I've seen it twice now and enjoyed it both times. It's not especially innovative, just likable.

John J. Puccio's picture
John J.

"Jesse James," 1939, "The Return of Frank James," 1940, "Badman's Territory," 1946, "Best of the Badmen," 1951, "The True Story of Jesse James," 1957, "The Great Northfield, Minnesota Raid," 1972, and the best of the lot, "The Long Riders," 1980. The common thread is obvious: Frank and Jesse James make great screen personalities. Ever since dime novels and silent movies, writers have mythologized the rogues of the Old West, and none were more roguish than the James boys and their pals, the Youngers.

What makes "Frank and Jesse" special is not that it's any better or any more historically accurate than the other films about the James gang, but that it's so amiable. It makes us like the brothers not as heroes or legends but as simple people, common folk, in spite of their violent ways.

If you think you've seen it all before, you have. "Frank and Jesse" recounts the exploits of the celebrated outlaws from just after the Civil War to Jesse's death in 1882. Rob Lowe plays Jesse, Bill Paxton plays Frank, and country star Randy Travis plays Cole Younger. Relentlessly pursuing them is William Atherton as Allan Pinkerton, head of the Pinkerton Detective Agency, hired by the railroad to bring the James gang in, dead or alive.

As you might expect, the story sympathizes with the robbers and demonizes Pinkerton. The high points of the film include the brothers' personal and family lives; their relationships with the people of Missouri, who helped them for years to escape the law; and, of course, their daring holdups, right up to the disastrous shoot-out in Northfield, Minnesota.

The film stays pretty close to fact most of the time, hypothesizing occasionally to fill in the gaps, and passing on some folklore along the way. The film ends just after Bob Ford shoots Jesse in the back while Jesse is straightening a picture on the wall of his house. But as he does with many things in the film, screenwriter and director Robert Boris gives the famous scene a new twist. Let me just say that the circumstances surrounding Bob's killing of Jesse are fictionalized in an unusual, yet wholly reasonable, way.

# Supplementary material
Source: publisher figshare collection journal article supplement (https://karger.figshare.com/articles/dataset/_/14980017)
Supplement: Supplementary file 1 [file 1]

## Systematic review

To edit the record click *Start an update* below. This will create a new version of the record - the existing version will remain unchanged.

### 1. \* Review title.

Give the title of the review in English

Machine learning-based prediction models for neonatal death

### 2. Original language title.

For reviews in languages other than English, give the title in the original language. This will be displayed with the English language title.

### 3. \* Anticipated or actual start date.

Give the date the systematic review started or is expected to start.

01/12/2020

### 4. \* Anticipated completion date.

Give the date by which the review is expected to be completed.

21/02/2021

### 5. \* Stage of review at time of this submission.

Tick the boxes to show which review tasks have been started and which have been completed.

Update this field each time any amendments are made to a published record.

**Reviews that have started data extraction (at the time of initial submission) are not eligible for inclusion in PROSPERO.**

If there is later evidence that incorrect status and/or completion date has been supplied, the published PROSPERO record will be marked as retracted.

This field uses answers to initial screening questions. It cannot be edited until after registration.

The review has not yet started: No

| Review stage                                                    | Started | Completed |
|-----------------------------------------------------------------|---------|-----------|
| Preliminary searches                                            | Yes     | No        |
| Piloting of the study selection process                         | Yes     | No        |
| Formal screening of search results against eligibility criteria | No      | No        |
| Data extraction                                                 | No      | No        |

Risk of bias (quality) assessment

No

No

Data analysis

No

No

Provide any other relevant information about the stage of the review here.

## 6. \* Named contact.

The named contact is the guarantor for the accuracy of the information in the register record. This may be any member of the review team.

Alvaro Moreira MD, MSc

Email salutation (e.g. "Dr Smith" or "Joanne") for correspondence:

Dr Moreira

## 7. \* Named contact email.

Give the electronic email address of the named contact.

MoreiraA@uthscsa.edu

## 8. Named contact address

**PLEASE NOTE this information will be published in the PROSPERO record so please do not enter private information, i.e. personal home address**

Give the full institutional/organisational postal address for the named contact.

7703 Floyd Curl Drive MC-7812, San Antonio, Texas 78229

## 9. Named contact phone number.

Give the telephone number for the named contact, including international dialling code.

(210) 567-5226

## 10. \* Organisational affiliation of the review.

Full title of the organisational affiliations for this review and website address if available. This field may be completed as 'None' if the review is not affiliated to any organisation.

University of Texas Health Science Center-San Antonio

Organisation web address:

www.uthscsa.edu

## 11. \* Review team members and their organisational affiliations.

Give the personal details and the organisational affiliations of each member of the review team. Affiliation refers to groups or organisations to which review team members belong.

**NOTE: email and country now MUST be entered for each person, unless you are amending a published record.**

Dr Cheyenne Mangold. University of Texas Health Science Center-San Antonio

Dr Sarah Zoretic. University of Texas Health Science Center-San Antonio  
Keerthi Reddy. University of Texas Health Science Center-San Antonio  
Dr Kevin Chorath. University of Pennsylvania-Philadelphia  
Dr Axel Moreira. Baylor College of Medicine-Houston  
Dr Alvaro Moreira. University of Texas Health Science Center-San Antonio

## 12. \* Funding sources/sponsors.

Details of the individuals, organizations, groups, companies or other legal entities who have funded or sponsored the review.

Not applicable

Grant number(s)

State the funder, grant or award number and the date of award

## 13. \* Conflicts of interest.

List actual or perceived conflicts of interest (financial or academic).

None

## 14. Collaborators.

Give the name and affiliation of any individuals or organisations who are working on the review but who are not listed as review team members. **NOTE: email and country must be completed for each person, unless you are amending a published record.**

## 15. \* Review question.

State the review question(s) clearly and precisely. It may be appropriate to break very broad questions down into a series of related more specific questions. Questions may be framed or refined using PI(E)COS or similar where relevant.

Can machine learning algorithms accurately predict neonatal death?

Travis adds a few musical notes here and there and combined with a semisweet musical track they provide good background continuity to the story. The music isn't in the same league as Ry Cooder's work on "The Long Riders," but it's worth listening to for its own sake. The acting is uniformly excellent, even though the film cannot boast a strong screen presence like Henry Fonda or Tyronne Power in the lead roles. However, Lowe makes a credible if somewhat rancorous Jesse, Paxton is his usual whiny but likable self, and Atherton is a supremely confident and ruthless upholder of justice.

The photography, mostly shot on location, contributes to the film's sense of reality, and the people and places look appropriately gritty for the post Civil War era.

The film looks attractive in its theatrical widescreen ratio, 1.85:1, its largely outdoor scenery showing up well in what appears to be a near-perfect DVD transfer. It is certainly a far cry from my first watching of the film on cable TV.

The two-channel stereo sound is nothing to brag about, somewhat bland actually, and except for some intermittent gunplay doesn't give the back speakers much to do. Like most things in the film, the sound does its job with a minimum of fuss.

Trimark include a couple of subtitle choices, a little cast and crew information, scene access, and trailer. Since there isn't much in the way of bonus materials to make the disc stand out in a crowd, the film itself will have to do.

Parting Thoughts:
"Frank and Jesse" is a low-key picture whose principal characters grow on you over the course of time. Part history, part legend, the film does a faithful job capturing the spirit of America's most famous Western outlaws. The James gang were loved by the people of their day and hated by lawmen, bankers, and railroad presidents. The gang will no doubt continue to capture the imagination of future generations, whether or not such desperadoes deserve the honor.

I suspect most people will not have heard of this film, but I've seen it twice now and enjoyed it both times. It's not especially innovative, just likable.


Film Value